Diabetes Complications and Amputation Prevention

Diabetes Complications and Amputation Prevention

People living with diabetes are prone to having foot problems, often because of two complications of diabetes: nerve damage (neuropathy) and poor circulation. Neuropathy causes loss of feeling in your feet, taking away your ability to feel pain and discomfort, so you may not detect an injury or irritation. Poor circulation in your feet reduces your ability to heal, making it hard for even a tiny cut to resist infection.

Having diabetes increases the risk of developing a wide range of foot problems. Furthermore, with diabetes, small foot problems can turn into serious complications.

Diabetes-Related Foot & Leg Problems

What Your Foot & Ankle Surgeon Can Do

Your foot and ankle surgeon can help wounds heal, preventing amputation. Many new surgical techniques are available to save feet and legs, including joint reconstruction and wound healing technologies. Getting regular foot checkups and seeking immediate help when you notice something can keep small problems from worsening. Your foot and ankle surgeon works together with other healthcare providers to prevent and treat complications from diabetes.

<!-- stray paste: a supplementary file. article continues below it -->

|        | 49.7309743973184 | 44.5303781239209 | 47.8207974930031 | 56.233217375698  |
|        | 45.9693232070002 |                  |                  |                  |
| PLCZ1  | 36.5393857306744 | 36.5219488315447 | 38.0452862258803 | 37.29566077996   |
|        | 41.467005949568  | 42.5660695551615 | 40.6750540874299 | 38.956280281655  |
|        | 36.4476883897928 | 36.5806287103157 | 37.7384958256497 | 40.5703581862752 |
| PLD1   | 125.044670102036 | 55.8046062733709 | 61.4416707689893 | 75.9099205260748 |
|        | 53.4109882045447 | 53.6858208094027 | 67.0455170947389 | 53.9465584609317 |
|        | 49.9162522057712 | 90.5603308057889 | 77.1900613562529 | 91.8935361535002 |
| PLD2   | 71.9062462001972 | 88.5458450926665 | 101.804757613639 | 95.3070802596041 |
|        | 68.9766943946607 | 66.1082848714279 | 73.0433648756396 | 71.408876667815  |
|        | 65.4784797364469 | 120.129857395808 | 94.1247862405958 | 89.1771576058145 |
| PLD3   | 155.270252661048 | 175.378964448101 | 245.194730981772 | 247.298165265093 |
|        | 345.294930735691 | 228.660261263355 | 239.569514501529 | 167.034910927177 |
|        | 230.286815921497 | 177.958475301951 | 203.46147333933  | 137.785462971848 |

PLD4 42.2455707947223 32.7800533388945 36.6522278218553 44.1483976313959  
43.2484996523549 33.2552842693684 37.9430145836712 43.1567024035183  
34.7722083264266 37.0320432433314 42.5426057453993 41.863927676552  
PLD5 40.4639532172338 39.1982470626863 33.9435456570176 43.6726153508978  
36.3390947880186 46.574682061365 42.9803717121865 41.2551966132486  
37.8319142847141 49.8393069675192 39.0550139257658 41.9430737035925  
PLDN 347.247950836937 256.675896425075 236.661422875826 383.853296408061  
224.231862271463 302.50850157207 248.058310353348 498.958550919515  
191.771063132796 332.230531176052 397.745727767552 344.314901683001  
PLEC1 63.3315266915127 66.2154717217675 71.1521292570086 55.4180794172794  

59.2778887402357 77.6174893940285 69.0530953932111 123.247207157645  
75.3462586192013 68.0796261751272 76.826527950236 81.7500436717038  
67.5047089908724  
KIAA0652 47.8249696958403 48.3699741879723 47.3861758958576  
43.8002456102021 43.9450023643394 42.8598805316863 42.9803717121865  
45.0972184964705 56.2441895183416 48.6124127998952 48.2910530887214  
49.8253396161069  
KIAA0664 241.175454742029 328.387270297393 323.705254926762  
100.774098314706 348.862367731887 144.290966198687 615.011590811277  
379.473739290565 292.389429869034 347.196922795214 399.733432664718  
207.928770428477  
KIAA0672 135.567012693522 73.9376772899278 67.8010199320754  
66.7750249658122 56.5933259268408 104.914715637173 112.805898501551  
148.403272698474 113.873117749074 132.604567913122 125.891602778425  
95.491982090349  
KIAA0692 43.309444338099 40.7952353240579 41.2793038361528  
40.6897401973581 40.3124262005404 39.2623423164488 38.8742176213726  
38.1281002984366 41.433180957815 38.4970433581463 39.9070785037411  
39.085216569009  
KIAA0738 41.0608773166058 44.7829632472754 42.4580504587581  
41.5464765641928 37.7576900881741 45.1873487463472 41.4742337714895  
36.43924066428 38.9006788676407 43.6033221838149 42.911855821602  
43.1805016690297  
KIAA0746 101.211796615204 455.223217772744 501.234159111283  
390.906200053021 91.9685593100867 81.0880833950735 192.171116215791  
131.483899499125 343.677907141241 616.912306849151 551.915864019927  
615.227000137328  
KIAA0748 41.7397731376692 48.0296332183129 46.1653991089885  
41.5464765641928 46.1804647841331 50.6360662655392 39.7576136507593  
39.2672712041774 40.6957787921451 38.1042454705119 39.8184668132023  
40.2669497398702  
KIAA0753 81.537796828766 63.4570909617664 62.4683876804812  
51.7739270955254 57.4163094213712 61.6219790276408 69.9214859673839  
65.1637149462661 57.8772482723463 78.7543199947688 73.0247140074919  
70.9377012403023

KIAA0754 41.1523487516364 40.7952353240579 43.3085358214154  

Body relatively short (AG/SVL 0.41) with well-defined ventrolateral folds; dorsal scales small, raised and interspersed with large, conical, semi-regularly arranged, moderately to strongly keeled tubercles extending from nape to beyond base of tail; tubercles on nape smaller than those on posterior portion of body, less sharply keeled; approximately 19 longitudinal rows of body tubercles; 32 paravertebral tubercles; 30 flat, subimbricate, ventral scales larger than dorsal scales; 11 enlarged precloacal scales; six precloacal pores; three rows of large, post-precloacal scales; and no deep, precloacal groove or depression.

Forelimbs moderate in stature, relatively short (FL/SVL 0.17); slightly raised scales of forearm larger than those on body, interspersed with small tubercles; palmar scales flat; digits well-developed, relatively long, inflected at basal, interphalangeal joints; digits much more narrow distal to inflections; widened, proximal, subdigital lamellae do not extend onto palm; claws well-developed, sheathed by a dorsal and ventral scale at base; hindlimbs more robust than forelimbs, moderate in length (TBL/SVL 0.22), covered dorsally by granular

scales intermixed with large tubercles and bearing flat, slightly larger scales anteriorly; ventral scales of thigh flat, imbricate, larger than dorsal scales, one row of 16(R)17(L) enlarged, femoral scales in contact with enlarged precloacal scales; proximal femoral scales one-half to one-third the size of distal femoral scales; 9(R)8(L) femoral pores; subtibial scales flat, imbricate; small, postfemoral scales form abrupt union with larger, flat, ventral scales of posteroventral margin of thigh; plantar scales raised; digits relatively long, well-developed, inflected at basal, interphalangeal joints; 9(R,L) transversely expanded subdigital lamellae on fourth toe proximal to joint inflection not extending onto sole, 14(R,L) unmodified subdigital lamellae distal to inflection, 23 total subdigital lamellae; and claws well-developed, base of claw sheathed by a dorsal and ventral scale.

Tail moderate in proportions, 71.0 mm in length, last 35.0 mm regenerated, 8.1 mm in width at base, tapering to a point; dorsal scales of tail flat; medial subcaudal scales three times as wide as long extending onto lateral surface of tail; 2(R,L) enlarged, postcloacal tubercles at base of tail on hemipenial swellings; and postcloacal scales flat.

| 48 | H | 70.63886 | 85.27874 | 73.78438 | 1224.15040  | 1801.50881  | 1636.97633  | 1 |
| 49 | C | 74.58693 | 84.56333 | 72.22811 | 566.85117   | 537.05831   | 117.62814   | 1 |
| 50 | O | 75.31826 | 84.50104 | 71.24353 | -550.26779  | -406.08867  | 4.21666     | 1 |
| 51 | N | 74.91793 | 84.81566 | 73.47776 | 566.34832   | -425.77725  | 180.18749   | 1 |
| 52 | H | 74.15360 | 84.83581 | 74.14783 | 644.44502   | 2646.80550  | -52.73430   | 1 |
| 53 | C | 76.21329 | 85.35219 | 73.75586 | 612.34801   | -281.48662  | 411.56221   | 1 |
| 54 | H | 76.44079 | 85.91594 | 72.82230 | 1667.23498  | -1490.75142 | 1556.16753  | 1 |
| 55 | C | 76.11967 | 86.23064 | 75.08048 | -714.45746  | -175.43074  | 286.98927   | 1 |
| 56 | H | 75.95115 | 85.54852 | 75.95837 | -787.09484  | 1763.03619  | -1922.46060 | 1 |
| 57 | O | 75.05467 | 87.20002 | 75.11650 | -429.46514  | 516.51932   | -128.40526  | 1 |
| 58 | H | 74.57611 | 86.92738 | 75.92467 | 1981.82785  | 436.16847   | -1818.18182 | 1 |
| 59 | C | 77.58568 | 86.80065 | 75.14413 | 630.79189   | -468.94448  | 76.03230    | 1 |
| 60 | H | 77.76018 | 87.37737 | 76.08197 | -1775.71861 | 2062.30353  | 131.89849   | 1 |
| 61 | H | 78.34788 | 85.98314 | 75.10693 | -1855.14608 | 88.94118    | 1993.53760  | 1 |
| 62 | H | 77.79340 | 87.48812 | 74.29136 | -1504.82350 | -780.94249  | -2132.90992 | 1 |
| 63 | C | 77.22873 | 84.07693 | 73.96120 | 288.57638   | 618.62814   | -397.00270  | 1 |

Your Proactive Measures

You play a vital role in reducing complications. Follow these guidelines and contact your foot and ankle surgeon if you notice any problems:

When Is Amputation Necessary?

Even with preventive care and prompt treatment of infection and complications, there are instances when amputation is necessary to remove infected tissue, save a limb or even save a life.

Author
foothealthfacts.org

You Might Also Enjoy...

Acute Inflammation

What Is Acute Inflammation? Inflammation is the body’s normal protective response to an injury, irritation or surgery. This natural defense process brings increased blood flow to the area, resulting in an accumulation of fluid.

Calcaneal Apophysitis

Calcaneal Apophysitis (Sever's Disease) What Is Calcaneal Apophysitis? Calcaneal apophysitis is a painful inflammation of the heel’s growth plate. It typically affects children between the ages of 8 and 14 years old.